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TIFF and LibTiff Mail List Archive

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1999.06.20 23:05 "64-bit TIFF Meta-issues", by Niles Ritter
1999.06.21 06:31 "Re: 64-bit TIFF Meta-issues", by Niclas Borlin

1999.06.20 23:05 "64-bit TIFF Meta-issues", by Niles Ritter

Continuing on with the 64-bit TIFF discussion, I have a few remarks on the valuable contributions of Frank Warmerdam, Ed Grissom, et al,

This is more a metaphorical observation. I submit that TIFF could be thought of as an image-description "language", and shares features with the programming language C, based the fact that both are

  a) Powerful and flexible for just about any purpose within its scope
  b) So flexible that one can write very "Obfuscated" entities with it,
       which are nonetheless compliant with the language spec
   c) Designed at an early stage in the development of the domain
         (e.g no object oriented design)
   d) Showing signs of age with the advance of technology

Within the world of programming languages, C++ and Java both arose to address different problems arising from (a)-(d).

The C++ answer to C can be described as

   i) An augmentation of the original design, backward compatible
   ii) with new features and exceptions to (i) to accomodate new
        technology or knowledge about the domain (e.g objects, type
safety)..
  iii) Completely public, not controlled by any private organization

The Java answer to C can be described as

  i) A complete rewrite of the original language, no backward
compatibility
 ii) Omitting anything that does not fit the new model, lots of new
features
      found missing in the original language (e.g. garbage collection),
and
      things that have caused big problems (e.g allowing pointers).

iii) Open standards, but controlled by a private company (Sun, Inc).

I should also mention Postscript, also owned by Adobe, which actually *is* a true programming language with an auxilary imaging model space, and is so general that virtually any sort of graphical object that could ever be imagined can or could be described by it. Great for printing graphics, terrible for interchanging data.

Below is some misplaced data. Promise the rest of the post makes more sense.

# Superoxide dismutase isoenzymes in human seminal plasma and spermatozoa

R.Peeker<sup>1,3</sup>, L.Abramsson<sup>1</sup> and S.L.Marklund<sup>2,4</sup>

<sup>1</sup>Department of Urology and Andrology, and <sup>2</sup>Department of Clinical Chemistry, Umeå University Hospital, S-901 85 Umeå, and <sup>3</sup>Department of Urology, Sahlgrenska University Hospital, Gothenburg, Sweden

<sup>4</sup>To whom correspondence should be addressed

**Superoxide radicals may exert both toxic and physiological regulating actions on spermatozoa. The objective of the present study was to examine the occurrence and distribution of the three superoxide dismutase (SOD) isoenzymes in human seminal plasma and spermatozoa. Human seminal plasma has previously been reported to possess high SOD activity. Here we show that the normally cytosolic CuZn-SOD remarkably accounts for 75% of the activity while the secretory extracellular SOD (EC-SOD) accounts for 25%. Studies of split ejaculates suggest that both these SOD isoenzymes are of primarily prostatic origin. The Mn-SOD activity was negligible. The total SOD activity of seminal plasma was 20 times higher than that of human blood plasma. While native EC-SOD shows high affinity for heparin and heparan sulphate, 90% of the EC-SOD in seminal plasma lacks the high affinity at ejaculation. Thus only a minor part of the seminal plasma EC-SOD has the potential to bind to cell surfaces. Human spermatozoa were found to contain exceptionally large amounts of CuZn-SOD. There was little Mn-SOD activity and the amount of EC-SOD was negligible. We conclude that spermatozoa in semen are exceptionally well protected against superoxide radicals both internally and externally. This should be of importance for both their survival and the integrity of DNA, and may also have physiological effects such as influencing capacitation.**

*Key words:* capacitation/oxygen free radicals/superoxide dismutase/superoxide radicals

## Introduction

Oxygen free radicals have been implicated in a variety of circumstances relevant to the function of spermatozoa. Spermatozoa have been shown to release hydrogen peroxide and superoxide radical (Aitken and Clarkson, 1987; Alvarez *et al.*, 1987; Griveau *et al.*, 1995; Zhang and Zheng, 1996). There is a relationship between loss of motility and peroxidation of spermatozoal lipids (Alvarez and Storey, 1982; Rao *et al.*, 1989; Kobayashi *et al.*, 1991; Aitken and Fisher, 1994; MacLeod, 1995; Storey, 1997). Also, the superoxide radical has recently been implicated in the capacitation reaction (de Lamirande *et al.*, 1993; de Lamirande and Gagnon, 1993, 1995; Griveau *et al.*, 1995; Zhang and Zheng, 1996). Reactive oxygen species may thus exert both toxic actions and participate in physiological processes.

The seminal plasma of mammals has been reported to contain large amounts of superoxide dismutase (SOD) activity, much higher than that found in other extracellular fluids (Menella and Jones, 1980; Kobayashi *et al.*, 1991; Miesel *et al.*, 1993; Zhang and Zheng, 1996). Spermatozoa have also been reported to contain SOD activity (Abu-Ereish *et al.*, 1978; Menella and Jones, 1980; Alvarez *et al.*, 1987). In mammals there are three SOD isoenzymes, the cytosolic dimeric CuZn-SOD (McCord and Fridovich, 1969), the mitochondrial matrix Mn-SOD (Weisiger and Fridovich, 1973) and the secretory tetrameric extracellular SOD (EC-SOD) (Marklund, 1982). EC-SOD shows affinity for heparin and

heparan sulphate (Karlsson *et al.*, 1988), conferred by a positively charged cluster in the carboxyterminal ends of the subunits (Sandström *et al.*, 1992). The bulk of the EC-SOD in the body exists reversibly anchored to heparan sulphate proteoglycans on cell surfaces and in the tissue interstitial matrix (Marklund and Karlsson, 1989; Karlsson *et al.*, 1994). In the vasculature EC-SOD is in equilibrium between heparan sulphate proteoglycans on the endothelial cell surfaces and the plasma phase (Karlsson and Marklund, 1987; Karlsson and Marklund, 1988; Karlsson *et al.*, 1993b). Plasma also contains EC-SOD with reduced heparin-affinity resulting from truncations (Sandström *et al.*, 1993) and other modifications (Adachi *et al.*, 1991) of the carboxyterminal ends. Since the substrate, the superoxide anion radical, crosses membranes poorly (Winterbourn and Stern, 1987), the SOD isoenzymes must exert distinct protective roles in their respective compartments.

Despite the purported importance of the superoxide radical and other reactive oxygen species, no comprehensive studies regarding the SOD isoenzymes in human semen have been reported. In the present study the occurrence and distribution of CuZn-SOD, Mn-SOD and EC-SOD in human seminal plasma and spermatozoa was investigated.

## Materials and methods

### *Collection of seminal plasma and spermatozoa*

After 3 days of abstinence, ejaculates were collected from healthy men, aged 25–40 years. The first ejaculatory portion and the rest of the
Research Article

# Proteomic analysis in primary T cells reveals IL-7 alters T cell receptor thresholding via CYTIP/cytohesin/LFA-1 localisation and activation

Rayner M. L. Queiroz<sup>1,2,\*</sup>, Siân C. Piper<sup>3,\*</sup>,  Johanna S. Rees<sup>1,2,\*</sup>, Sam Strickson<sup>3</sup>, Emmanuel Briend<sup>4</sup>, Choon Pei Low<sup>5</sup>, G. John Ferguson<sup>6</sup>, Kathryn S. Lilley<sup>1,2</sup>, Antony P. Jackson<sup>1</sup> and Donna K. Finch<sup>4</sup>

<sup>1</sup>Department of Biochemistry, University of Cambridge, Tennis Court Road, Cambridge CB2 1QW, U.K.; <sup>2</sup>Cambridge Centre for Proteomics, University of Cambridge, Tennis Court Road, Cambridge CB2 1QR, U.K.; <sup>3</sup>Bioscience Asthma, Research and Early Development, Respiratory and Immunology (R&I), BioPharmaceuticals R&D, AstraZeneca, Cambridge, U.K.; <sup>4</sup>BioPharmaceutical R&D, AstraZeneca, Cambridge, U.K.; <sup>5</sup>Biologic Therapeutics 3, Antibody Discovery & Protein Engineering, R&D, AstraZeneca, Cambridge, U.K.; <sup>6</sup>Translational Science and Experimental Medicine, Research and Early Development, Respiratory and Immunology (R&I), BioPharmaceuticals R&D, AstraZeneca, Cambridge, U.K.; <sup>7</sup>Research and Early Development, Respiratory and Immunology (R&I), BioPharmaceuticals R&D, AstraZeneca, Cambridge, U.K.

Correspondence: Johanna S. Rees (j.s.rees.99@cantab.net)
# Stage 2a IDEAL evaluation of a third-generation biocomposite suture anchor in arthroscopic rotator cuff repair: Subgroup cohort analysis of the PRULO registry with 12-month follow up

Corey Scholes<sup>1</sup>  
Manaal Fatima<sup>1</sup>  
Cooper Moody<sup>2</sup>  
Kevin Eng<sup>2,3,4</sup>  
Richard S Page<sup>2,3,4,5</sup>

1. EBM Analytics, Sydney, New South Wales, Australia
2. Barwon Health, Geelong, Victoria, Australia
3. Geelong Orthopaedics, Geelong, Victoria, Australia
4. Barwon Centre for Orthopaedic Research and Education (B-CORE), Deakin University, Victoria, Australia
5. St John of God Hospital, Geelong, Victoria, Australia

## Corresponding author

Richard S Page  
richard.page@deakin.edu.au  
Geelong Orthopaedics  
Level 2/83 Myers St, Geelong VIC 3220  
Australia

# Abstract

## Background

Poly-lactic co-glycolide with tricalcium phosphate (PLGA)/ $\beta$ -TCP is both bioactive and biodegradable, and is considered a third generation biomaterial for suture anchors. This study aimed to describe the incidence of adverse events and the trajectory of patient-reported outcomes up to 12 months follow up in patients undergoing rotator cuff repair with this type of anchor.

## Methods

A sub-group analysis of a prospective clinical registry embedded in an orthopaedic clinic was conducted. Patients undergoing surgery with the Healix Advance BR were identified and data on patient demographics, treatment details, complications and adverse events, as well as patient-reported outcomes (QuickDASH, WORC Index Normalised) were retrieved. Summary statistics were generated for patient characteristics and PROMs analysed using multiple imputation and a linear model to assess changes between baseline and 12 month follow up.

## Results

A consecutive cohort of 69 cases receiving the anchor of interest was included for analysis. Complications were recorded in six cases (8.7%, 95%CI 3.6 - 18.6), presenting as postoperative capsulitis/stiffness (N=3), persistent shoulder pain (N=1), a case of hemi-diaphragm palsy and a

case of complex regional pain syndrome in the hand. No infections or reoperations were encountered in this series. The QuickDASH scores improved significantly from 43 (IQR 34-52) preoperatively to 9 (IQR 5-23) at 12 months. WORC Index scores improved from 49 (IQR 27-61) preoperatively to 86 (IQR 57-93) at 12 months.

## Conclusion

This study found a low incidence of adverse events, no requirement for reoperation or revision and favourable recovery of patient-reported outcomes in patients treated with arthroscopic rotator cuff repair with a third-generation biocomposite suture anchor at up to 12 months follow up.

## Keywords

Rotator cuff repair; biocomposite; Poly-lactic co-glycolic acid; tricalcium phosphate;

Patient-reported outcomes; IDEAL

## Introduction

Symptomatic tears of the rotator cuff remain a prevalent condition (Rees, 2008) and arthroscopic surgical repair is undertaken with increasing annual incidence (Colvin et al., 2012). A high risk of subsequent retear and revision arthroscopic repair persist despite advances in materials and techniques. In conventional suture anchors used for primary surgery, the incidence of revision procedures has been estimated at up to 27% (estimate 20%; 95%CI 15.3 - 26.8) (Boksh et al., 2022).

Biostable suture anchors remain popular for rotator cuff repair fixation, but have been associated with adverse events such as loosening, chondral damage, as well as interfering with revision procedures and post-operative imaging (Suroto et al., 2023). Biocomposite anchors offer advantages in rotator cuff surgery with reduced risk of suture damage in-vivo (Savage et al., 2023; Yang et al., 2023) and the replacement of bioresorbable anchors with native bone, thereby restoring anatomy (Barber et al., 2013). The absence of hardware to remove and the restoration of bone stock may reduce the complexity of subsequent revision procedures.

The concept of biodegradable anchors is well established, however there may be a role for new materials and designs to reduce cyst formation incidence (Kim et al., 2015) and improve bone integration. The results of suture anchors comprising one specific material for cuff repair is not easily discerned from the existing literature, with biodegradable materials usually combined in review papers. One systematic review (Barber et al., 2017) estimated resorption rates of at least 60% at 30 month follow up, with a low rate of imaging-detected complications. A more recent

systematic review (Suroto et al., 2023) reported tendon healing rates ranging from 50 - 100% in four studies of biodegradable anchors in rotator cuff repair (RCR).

The nice thing in our case is that we don't have to choose between C++ or Java solutions, but can take the best of both for each of (i)-(iii):

(i) Ideally, the next generation TIFF would be backward compatible to the extent that it does not interfere with the needs of new developments

in the imaging domain. I for one have not been convinced that it is necessary to advance to a "non-version 42" stage to accomodate 64-bit and higher address space (isn't there a 128-bit chip in the works ?).

The "spirit of TIFF" regardless of whether held by Microsoft, Aldus or Adobe, has been that a valid TIFF file should always be readable by any later TIFF reader, and that new TIFF files should have a way to be at least "visible" to older readers, if they can.

(ii) There are some things in TIFF spec that have proven to be bad choices,

if for no other reason than that they seem to invite bad implementations

(releasing an ambiguous & unworkable JPEG-in-TIFF spec before submitting it to technical review as the most notorious example). For this

part I tend to lean toward the Java option of throwing away things in a brand new implementation that are were ideas.

For example it is not possible to create a backward compatible TIFF file

spec that is web/stream-oriented by having all tile-offsets pointing after an IFD,

because a TIFF copier might just reorganize them again copying all the tags.

Your only protection is to guarantee that existing TIFF copiers break.

(iii) on this one I am more ambiguous. The way that Sun has been able to

hold its own against Microsoft's J++ "embrace, extend, and break" attack on

Java I see as evidence that a private company can maintain an open standard. On the other hand, Adobe's recent accelerated neglect of TIFF support causes me pause.

Adobe owns the copyright to the TIFF name. They also maintain the private registry, and if we were to just start our own registry and begin using tags unregistered by Adobe, they may allocate the same tags for other purposes, and suddenly you have competing standards, and TIFF is dead for any future purposes.

Assuming Adobe does not suddenly have a change of heart, the only alternative I can see if we wish to call the next generation TIFFwhatever

is for a public organization to purchase the copyright and the residual tag-space registry from Adobe. I have no idea what that would be worth.

Obviously my personal choices on (i) - (iii) are in conflict with each other to some extent, but there are ways to make it work. For example, you could define a TIFF64 header that starts with a block of 8 bytes not used by TIFF64, followed by the TIFF64 header information. This initial 8-bytes could be set to a TIFF 6.0 header, version=42, pointing to 32-bit "thumbnails", or it could be a TIFF header which has version=45, telling all existing TIFF readers that there is nothing of value in this file for TIFF 6.0 programs and they will give up.

In any case these general decisions should be made earlier than later, particularly the issue of whether we should court Adobe's involvement or representation in the process, and whether TIFF "can be saved" or should.

Just a thought.

--Niles.